Conclusions In stable patients with suspected CAD who are eligible for ICA, the comparable 1-year major adverse cardiovascular events rates following a selective referral and direct referral strategy suggests that both diagnostic approaches are similarly effective. In the selective referral strategy, the reduced use of ICA was associated with a greater diagnostic yield, which supported the usefulness of CCTA as an efficient and accurate method to guide decisions of ICA performance. (Coronary Computed Tomographic Angiography for Selective Cardiac Catheterization [CONSERVE]; NCT01810198)
- coronary computed tomographic angiography
- invasive coronary angiography
- major adverse cardiac events
- stable ischemic heart disease
Invasive coronary angiography (ICA) is a commonly performed diagnostic test for evaluation of stable symptomatic patients with suspected coronary artery disease (CAD) to guide decisions of coronary revascularization (1–4). Although current professional guidance documents offer direction for appropriate selection of patients for elective ICA, previous studies observed that most individuals who underwent nonemergent ICA did not have actionable CAD (5,6). For these patients, ICA is an invasive, expensive procedure that may be unnecessary. When CAD is identified, ICA is frequently associated with ad hoc percutaneous coronary intervention (PCI) at the time of ICA, but whether this approach improves clinical outcomes is not clear (7–9).
Coronary computed tomographic angiography (CCTA) is a noninvasive anatomic imaging method that enables identification and exclusion of CAD (10–12). Previous multicenter studies have consistently demonstrated the high diagnostic performance of CCTA to exclude obstructive CAD by 99% to 100%, a finding that is associated with favorable outcomes. These data have advanced the concept of the use of CCTA as a “gatekeeper” that more precisely selects individuals for ICA (6,13). For stable patients already referred for nonemergent ICA, it is not known how the safety and downstream clinical outcomes of a selective ICA referral strategy, informed by CCTA findings, compare to a direct ICA referral strategy, because patients would have otherwise undergone ICA.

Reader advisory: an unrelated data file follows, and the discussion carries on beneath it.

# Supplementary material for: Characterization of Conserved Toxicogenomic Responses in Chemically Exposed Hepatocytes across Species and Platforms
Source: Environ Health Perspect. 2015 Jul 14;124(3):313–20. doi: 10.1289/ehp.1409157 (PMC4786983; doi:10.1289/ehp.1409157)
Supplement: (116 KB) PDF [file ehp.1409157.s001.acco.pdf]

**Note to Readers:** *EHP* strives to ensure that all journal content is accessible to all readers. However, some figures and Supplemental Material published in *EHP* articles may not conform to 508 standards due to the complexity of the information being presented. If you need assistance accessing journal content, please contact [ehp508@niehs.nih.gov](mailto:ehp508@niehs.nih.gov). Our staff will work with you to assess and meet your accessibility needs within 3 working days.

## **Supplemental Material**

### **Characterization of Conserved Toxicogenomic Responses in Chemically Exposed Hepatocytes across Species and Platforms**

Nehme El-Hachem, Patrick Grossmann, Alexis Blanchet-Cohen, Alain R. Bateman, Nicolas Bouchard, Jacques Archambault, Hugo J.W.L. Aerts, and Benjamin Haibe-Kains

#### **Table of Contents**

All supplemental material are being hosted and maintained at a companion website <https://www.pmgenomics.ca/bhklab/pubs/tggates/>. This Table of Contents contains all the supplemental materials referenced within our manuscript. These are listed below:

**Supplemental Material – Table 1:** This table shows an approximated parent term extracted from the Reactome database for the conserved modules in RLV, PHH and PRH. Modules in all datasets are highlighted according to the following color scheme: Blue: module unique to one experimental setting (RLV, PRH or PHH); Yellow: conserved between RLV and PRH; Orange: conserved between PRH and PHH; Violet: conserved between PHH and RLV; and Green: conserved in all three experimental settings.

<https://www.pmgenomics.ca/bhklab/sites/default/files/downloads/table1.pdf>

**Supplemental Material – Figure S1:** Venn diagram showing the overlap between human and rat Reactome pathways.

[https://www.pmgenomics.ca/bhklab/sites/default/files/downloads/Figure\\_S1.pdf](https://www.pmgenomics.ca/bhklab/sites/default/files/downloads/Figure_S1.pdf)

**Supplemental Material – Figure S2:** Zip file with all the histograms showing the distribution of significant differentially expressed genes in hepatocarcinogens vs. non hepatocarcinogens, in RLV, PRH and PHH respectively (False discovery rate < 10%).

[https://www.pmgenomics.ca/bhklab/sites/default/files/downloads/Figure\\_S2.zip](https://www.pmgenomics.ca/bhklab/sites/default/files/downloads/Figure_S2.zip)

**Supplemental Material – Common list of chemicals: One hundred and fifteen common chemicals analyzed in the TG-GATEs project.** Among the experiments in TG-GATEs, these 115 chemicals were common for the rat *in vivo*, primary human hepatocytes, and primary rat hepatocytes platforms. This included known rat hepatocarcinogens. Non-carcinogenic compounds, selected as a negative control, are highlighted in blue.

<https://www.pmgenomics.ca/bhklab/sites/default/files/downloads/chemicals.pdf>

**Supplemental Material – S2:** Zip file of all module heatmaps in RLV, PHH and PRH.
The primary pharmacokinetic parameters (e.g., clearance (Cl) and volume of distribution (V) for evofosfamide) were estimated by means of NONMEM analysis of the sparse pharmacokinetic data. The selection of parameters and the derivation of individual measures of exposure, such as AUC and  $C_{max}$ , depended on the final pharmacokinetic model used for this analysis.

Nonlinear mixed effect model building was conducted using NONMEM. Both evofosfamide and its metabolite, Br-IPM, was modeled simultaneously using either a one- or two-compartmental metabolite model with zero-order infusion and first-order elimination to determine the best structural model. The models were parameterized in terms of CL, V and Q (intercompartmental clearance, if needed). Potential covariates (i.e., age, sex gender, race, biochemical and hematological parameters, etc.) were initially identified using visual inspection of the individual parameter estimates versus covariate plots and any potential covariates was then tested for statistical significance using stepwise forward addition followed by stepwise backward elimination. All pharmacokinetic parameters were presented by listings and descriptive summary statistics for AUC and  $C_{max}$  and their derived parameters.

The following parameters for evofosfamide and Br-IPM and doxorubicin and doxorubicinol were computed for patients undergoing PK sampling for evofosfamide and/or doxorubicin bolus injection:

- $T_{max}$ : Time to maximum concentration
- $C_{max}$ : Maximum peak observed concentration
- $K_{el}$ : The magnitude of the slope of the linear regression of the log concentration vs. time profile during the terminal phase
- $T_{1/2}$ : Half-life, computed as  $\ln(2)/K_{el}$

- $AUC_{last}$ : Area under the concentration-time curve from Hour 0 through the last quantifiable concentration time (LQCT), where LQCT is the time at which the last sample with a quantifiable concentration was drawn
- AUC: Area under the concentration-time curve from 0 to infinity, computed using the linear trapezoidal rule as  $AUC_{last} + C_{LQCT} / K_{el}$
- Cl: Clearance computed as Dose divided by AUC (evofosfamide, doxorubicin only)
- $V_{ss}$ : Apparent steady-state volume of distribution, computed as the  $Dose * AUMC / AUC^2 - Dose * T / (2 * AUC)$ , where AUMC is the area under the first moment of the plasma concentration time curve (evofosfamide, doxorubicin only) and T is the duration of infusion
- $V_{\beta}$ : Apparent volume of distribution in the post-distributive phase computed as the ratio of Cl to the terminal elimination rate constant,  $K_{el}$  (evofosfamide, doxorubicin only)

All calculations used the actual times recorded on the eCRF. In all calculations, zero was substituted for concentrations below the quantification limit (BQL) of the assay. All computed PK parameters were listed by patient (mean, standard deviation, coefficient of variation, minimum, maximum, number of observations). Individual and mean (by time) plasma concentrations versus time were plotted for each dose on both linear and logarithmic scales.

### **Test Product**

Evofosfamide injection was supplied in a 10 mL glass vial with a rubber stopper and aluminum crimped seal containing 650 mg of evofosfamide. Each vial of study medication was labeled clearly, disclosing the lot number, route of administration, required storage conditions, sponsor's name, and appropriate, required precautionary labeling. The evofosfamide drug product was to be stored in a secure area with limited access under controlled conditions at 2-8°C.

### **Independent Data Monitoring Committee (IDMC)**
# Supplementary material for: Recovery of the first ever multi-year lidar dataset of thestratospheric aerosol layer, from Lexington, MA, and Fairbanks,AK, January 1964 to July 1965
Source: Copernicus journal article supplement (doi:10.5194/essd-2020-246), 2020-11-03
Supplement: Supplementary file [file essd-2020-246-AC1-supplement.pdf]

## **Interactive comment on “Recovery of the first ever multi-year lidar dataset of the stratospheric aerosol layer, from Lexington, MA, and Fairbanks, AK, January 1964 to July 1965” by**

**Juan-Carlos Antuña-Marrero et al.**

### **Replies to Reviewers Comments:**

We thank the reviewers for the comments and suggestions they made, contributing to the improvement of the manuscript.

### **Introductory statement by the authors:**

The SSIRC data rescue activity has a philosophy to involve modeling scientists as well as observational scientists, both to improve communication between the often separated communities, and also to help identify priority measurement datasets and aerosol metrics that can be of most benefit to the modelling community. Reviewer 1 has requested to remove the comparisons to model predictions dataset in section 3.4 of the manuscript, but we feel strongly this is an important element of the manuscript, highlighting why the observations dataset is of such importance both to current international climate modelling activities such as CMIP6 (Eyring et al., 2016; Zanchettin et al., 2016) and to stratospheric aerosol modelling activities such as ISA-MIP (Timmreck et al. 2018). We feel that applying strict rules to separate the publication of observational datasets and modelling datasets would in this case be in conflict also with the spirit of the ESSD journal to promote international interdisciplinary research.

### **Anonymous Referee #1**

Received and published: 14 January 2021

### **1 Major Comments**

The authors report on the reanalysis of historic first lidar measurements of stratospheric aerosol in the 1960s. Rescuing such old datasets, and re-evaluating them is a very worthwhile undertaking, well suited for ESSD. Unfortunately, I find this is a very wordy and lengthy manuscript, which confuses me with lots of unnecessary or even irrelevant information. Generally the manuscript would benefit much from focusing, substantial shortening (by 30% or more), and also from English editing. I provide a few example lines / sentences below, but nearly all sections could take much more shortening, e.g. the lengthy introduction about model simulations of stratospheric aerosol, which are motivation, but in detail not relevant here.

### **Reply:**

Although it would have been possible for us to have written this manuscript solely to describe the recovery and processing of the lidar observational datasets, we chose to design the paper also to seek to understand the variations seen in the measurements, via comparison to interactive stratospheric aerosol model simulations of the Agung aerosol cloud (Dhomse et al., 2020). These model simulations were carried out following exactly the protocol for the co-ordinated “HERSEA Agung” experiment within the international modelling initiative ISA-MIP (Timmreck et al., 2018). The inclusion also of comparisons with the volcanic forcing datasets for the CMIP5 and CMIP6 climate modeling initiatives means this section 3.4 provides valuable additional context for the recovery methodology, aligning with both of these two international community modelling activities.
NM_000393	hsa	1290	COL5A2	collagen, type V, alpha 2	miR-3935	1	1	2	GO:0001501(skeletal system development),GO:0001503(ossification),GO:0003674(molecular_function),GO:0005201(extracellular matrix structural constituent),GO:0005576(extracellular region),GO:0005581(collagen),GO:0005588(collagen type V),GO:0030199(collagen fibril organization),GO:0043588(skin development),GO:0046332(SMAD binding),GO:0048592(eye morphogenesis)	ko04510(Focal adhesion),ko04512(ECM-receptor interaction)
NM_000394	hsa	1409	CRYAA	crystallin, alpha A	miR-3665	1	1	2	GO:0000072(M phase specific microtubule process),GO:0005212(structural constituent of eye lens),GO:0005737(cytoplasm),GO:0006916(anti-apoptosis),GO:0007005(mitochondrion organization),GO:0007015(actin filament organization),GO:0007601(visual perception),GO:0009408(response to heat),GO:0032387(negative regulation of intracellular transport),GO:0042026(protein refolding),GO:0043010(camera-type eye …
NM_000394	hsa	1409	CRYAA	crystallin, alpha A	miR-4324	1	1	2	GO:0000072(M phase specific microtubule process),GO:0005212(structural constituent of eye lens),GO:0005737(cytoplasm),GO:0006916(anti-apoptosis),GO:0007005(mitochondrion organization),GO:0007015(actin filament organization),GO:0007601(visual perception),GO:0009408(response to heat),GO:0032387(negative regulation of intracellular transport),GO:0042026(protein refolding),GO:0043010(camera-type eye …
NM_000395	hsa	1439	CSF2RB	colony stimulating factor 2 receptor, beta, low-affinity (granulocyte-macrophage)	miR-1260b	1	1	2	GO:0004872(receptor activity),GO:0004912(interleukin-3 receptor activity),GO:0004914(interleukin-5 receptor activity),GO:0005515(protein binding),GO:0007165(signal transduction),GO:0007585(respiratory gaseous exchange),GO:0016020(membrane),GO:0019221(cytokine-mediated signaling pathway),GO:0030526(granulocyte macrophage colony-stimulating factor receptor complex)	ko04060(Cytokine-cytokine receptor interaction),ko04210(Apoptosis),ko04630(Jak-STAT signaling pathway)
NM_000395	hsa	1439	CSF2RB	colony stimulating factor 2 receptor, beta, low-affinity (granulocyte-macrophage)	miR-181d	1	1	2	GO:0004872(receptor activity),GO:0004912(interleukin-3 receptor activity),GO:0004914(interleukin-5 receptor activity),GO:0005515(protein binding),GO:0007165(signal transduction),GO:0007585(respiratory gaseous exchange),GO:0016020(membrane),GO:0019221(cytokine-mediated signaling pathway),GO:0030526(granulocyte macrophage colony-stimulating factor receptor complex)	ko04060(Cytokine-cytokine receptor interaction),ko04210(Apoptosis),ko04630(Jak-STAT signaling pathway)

The objective of the CONSERVE (Coronary Computed Tomographic Angiography for Selective Cardiac Catheterization) trial (NCT01810198) was to compare the cardiovascular outcomes of a selective referral strategy, in which CCTA was performed before ICA, versus a direct referral strategy. The primary hypothesis of the CONSERVE trial was that a selective referral strategy would be noninferior to a direct referral strategy for major adverse cardiovascular events (MACE).
CONSERVE was a 1:1 randomized, controlled, open-label, international, multicenter trial at 22 hospitals and cardiology practices in North America, East Asia, Europe, and India. The study protocol was approved at each enrolling site by the local institutional review board or ethics committee. After randomization to selective referral versus direct referral, ICA and CCTA performance and interpretation were executed locally, and downstream clinical decision-making was at the sole discretion of the local physicians. A total of 20 patients (14 in the selective referral and 6 in the direct referral arm) withdrew consent and were not included in our analysis (Figure 1).
The study participants were stable patients with suspected but without known CAD referred for nonemergent ICA based upon the American College of Cardiology/American Heart Association (ACC/AHA) guidelines for coronary angiography (2), and included indications based on abnormal stress testing or suspected CAD symptoms. Patients were recruited during a clinic visit at the point of referral to ICA. Exclusion criteria included known history of CAD, ACC/AHA Class I or III indication for ICA, known complex congenital heart disease, planned ICA for reasons other than CAD evaluation, or other reasons that precluded randomization to either group for reasons of safety (Supplemental Appendix).
After enrollment and baseline data collection, block randomization stratified by Korean and non-Korean sites was performed with 1:1 allocation to the selective referral or direct referral groups using web-based computer randomization (MDDX, San Francisco, California). Subjects and physicians were not blinded to allocation or study results.